Before judging a company's CSR report, consider what primary audiences are being addressed. As a company, before creating a CSR report, carefully consider who you want to be speaking to, and what are the key messages that you want that audience to take away. Finally, companies might consider creating multiple CSR reports, targeting specific audiences.

I hope this is helpful in addressing the question in the subject line of this e-mail stream.


  1. Hi, good overview of key stakeholder groups and their interest in reporting, thanks.
    I have a different perspective though on the question of who the report addresses. The whole point of a sustainability report is that it covers the core material issues affecting a company's sustainability and the impacts on stakeholders. These issues are what the report should focus on. All stakeholders should be able to find something of relevance. Of course, some stakeholders may want more detailed information and could seek this in another communication format such as online or elesewhere. But i do not believe, in writing a report, one should first decide the report is for investors, or employees or whoever and then load the content accordingly. This exactly defeats the purpose of sustainability reporting which is intended to provide a balanced view of all the factors affecting the business sustainability.
    Also consider that it is not easy to package audiences into single stakeholder groups. An employee may also be an investor, a community member, an environmental activist and a customer, all at the same time.
    warm regards

  2. Good point Elaine. I do agree with everything that you've said, but I also think that it's important to identify your stakeholder groups and their characteristics to strengthen your reporting. Not for a formal CSR report itself, but to identify the most effective communication avenues through which to share your CSR info. Take a clothing retailer with a teenage target market for example. Being recently out of college, I know that there are many students who care about certain social issues. However, very few of them actually take the time to find and read a formal CSR report (as unfortunate as that is). So by identifying this group and understanding them, you'd know that you might want to create a youtube channel and/or twitter account on top of your formal CSR report to give your responsible practices, commitments, successes, and failures more visibility.

    So again, I agree with what you're saying, but I also think that identifying and understanding your stakeholder groups will help with your CSR communication and reporting as a whole (on top of your formal report).

    Fun stuff to talk about!



  3. hi Tom, I fully agree with you!! Engaging stakeholders using different channels and methods is important to developing your sustainability strategy and identifying material issues. And this should guide the csr report . But the CSR report is only one platform, there are many others.

  4. Elaine, Tom,

    I actually agree with both of you, but do still think it is vital that you consider your audience. While the overall CSR report should address all audiences needs, and there is no clear demarcation between the audiences, it remains import that each targeted audience sees what it needs to seen.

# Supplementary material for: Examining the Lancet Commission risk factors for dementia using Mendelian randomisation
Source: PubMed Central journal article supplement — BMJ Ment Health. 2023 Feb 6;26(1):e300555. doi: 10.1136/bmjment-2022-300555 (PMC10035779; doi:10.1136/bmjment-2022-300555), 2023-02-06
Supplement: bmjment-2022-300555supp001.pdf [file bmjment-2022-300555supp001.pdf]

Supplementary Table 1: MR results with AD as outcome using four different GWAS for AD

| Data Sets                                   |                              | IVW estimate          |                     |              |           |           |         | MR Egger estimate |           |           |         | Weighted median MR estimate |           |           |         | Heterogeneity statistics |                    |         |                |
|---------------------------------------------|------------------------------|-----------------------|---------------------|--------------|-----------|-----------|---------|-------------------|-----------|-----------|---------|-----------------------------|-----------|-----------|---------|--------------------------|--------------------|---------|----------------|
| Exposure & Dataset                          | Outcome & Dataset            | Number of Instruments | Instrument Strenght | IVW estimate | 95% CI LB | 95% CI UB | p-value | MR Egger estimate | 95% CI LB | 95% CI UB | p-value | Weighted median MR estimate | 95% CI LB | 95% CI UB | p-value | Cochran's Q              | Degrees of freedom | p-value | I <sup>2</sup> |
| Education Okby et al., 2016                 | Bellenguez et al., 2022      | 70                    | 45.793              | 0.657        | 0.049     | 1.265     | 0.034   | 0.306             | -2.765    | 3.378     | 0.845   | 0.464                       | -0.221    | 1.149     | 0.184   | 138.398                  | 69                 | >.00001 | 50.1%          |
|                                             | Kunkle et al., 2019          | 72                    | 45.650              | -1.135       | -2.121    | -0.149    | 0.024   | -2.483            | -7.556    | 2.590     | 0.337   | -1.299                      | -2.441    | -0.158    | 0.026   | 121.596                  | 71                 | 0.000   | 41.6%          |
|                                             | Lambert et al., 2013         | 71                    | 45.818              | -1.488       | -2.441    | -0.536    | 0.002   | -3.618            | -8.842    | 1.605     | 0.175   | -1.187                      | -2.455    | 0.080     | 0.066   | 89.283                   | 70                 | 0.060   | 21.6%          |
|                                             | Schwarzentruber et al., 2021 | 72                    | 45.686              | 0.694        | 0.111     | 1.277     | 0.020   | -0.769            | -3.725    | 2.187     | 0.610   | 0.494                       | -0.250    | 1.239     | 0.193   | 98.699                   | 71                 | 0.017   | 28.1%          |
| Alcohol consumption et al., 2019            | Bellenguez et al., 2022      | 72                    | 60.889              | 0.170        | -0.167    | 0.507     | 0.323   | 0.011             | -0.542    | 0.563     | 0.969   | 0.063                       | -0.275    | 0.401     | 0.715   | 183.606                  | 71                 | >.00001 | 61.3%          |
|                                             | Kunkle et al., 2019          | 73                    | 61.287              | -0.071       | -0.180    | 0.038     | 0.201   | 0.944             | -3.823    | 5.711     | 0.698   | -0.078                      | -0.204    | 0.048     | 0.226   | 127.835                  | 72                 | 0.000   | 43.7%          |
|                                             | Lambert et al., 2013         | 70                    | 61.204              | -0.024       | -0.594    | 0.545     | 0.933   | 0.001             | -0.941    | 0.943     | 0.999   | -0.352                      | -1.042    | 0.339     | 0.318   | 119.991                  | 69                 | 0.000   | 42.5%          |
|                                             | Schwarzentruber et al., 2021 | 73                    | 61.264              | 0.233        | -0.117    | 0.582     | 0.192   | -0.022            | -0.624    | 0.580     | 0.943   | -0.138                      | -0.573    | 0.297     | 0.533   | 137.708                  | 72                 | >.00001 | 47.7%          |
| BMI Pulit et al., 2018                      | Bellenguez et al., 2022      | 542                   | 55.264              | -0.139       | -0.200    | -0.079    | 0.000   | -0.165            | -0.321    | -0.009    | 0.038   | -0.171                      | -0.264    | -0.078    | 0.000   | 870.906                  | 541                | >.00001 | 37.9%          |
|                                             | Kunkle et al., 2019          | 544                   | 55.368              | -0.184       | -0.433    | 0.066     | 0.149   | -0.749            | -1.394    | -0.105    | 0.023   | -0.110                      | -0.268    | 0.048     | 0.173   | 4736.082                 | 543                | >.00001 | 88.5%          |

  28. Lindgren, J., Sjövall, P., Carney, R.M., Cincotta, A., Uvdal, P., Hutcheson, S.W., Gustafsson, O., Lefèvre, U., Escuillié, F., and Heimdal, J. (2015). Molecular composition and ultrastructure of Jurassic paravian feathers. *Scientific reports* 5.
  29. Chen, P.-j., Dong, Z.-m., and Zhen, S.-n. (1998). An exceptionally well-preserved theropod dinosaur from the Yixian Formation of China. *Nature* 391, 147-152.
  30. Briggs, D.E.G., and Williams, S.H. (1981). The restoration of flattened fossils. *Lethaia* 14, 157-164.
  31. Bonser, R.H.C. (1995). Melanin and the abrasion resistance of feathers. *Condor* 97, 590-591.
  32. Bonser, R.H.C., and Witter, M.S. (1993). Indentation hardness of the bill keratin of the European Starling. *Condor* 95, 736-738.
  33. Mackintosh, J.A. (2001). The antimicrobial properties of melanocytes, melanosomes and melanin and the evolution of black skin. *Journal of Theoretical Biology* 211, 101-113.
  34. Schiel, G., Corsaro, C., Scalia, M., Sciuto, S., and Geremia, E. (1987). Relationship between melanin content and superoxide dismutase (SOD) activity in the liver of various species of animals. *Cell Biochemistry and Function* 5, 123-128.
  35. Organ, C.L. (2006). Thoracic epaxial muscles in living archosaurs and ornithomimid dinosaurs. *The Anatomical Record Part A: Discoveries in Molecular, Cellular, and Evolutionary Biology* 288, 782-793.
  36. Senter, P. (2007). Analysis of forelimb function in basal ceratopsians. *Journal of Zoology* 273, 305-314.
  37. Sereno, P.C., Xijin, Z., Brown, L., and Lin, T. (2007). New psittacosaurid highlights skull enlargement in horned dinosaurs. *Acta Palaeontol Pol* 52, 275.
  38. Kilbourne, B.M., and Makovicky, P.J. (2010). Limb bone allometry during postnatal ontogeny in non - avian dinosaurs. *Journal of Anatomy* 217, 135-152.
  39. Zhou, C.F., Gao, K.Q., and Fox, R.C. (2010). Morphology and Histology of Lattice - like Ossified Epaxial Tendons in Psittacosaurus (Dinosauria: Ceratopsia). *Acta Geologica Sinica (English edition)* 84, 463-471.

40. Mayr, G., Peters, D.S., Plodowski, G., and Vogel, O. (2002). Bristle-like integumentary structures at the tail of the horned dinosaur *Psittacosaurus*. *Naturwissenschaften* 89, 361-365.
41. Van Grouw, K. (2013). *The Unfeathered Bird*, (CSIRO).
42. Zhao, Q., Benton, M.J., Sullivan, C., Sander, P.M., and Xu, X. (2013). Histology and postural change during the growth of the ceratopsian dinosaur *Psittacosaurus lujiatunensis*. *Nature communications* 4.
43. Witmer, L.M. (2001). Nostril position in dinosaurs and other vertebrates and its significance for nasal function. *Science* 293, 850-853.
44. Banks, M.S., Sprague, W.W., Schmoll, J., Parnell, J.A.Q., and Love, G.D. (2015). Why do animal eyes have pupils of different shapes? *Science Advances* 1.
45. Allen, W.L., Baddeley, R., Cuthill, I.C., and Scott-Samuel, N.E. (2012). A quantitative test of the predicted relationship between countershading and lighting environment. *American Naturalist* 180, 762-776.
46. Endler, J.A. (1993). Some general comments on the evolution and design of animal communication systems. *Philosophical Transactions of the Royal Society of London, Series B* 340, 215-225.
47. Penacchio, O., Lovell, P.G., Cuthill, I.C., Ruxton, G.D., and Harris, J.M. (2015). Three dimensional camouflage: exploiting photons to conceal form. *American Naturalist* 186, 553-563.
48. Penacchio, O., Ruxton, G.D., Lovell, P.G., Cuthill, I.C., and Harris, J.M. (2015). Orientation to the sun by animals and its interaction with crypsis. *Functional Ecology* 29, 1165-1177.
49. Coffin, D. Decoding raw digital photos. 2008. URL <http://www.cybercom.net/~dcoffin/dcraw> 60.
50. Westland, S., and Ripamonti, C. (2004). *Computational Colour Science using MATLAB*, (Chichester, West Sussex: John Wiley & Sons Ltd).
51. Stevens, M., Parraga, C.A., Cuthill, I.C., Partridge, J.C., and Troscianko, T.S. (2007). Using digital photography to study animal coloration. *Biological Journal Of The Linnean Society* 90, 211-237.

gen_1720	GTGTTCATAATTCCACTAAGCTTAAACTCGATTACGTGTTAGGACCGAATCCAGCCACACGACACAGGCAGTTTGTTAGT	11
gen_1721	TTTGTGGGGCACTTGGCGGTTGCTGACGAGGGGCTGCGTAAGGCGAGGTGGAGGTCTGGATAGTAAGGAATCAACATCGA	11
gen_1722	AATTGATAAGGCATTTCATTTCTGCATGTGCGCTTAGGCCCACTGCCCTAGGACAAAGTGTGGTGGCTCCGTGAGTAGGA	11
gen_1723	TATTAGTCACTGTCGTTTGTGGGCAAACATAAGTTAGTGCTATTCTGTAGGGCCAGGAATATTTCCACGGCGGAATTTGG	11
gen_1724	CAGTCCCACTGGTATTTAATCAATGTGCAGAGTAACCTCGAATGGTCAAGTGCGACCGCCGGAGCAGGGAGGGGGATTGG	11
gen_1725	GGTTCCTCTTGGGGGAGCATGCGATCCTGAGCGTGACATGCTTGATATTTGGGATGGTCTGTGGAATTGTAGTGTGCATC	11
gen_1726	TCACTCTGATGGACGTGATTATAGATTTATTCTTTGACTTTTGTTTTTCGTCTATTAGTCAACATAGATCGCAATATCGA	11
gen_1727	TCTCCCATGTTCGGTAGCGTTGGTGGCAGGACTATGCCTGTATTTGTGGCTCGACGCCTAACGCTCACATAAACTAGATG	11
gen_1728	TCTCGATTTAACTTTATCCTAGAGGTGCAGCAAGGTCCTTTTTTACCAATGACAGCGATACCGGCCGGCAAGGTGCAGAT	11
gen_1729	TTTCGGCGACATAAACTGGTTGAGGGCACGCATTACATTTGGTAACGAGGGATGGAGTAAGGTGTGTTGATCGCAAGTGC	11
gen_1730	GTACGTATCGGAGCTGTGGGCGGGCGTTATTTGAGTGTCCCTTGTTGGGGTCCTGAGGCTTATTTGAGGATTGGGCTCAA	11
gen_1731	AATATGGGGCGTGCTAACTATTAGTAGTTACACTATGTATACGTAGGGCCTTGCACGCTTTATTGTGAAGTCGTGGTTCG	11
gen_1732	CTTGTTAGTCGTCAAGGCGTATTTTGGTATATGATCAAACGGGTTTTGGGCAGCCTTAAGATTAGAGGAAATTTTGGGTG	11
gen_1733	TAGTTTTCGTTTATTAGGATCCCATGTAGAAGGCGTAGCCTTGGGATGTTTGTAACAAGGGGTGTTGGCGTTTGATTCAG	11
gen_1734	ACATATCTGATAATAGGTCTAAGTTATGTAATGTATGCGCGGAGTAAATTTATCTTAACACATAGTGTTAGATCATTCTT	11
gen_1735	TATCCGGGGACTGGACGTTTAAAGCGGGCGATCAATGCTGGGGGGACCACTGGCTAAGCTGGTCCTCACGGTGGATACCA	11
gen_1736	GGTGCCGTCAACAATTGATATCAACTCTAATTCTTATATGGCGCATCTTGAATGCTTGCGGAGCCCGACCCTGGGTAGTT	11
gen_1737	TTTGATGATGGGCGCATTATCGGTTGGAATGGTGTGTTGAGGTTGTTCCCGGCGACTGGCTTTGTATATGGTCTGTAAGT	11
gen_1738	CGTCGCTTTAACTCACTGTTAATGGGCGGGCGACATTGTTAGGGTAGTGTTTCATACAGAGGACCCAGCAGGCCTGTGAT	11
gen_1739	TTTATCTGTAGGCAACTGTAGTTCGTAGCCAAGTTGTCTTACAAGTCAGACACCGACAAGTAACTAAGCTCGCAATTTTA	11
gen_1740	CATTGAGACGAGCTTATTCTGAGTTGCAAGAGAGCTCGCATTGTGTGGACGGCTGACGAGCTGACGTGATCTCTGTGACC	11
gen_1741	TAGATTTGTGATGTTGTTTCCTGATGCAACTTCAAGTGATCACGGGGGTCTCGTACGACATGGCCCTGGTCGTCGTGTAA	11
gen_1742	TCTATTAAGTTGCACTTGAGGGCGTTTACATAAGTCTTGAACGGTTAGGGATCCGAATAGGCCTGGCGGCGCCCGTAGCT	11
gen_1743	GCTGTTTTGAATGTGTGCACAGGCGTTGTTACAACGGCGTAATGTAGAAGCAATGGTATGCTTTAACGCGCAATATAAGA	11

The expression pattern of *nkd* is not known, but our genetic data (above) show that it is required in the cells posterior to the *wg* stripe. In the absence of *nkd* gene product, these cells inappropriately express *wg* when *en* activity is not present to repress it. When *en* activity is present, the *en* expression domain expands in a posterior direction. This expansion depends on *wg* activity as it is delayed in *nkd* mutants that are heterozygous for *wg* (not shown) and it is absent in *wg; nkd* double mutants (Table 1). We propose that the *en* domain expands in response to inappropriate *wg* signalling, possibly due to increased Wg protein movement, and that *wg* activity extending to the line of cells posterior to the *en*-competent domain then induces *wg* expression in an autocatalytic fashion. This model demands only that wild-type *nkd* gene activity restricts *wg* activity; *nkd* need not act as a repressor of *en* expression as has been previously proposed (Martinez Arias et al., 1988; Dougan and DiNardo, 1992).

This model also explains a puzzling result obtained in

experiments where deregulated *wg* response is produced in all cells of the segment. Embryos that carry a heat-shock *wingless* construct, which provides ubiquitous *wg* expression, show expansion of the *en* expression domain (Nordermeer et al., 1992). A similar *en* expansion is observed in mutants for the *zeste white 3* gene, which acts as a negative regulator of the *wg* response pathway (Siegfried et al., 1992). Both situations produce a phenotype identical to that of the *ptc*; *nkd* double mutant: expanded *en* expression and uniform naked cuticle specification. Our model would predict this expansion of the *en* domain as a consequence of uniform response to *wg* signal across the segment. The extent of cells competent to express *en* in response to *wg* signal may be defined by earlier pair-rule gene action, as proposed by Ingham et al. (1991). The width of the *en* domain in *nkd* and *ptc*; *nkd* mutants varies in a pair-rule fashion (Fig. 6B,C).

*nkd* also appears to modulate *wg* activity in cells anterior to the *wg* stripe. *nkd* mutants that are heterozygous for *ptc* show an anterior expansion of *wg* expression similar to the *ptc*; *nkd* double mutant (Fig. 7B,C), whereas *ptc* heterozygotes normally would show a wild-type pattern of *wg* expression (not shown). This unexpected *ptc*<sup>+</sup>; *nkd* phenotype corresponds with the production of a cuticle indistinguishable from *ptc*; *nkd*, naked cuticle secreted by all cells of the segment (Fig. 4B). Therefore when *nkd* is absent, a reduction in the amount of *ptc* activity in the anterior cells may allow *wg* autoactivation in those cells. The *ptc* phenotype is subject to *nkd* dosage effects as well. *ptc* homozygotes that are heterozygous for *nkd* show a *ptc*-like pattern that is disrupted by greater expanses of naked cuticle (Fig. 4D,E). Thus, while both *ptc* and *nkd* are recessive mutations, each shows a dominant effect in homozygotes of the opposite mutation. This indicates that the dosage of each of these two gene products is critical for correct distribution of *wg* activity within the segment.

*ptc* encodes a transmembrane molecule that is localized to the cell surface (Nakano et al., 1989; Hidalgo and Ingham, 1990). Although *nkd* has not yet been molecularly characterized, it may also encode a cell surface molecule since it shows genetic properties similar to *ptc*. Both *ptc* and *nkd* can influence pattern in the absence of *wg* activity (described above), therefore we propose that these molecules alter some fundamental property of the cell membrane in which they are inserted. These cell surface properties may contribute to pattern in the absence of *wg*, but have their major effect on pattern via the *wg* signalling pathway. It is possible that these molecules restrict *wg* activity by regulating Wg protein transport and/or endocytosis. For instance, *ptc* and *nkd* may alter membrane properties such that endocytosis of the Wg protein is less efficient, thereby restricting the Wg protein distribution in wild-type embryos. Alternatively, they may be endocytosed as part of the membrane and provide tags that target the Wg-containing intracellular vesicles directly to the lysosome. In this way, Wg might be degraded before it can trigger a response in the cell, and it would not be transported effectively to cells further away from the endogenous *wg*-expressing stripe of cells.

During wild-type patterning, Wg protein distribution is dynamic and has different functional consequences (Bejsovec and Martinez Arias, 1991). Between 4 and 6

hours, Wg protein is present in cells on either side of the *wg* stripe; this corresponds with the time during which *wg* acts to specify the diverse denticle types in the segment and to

For example, individual consumers might be, tangentially, interested in you health and safety record and compliance with the wide range of individual regulations in a number of countries, the truth is they probably won't read that. They will want to see their own values reflected in the report.

    Likewise regulators might be interested to know that the company is funding healthcare facilities in communities fro which it draws its labor, but what they really want to see is evidence and confirmation that you are complying with their specific regulations.

    Here we get to the benefits of XBRL (eXtensible Business Reporting Language). It should be possible, but is not today for a number of technical reasons I'll skip here, to produce a single CSR report with multiple "views" of the report. The consumer of the report could read/render/display all the data, or just that which is relevant to their specific needs. But I'll leave that for now - possibly another article.

    Back to the problem.

    Too often the CSR report is clearly a marketing document. It is written by marketing, has daisies and windmills on the cover, and every picture has exactly the right racial, gender and age group represented. Products when shown are placed in situations that reinforce the values of the consumer - you can bet there will be a picture of the executives planting trees somewhere. These are "valid" CSR reports - they will contain the GRI Index (good for them), and will have targets and might even have some tables.

    Watch for the SEC to mandate CSR/Sustainability reporting by companies that are listed on US exchanges. The SEC will probably want to see specific information, and companies will look to their financial reporting and legal teams to ensure that the report exactly what the regulator requires. Those reports will look very different from the marketing department produced documents. Again, they will have been written with the specific audience in mind - in this case the Securities and Exchange Commission.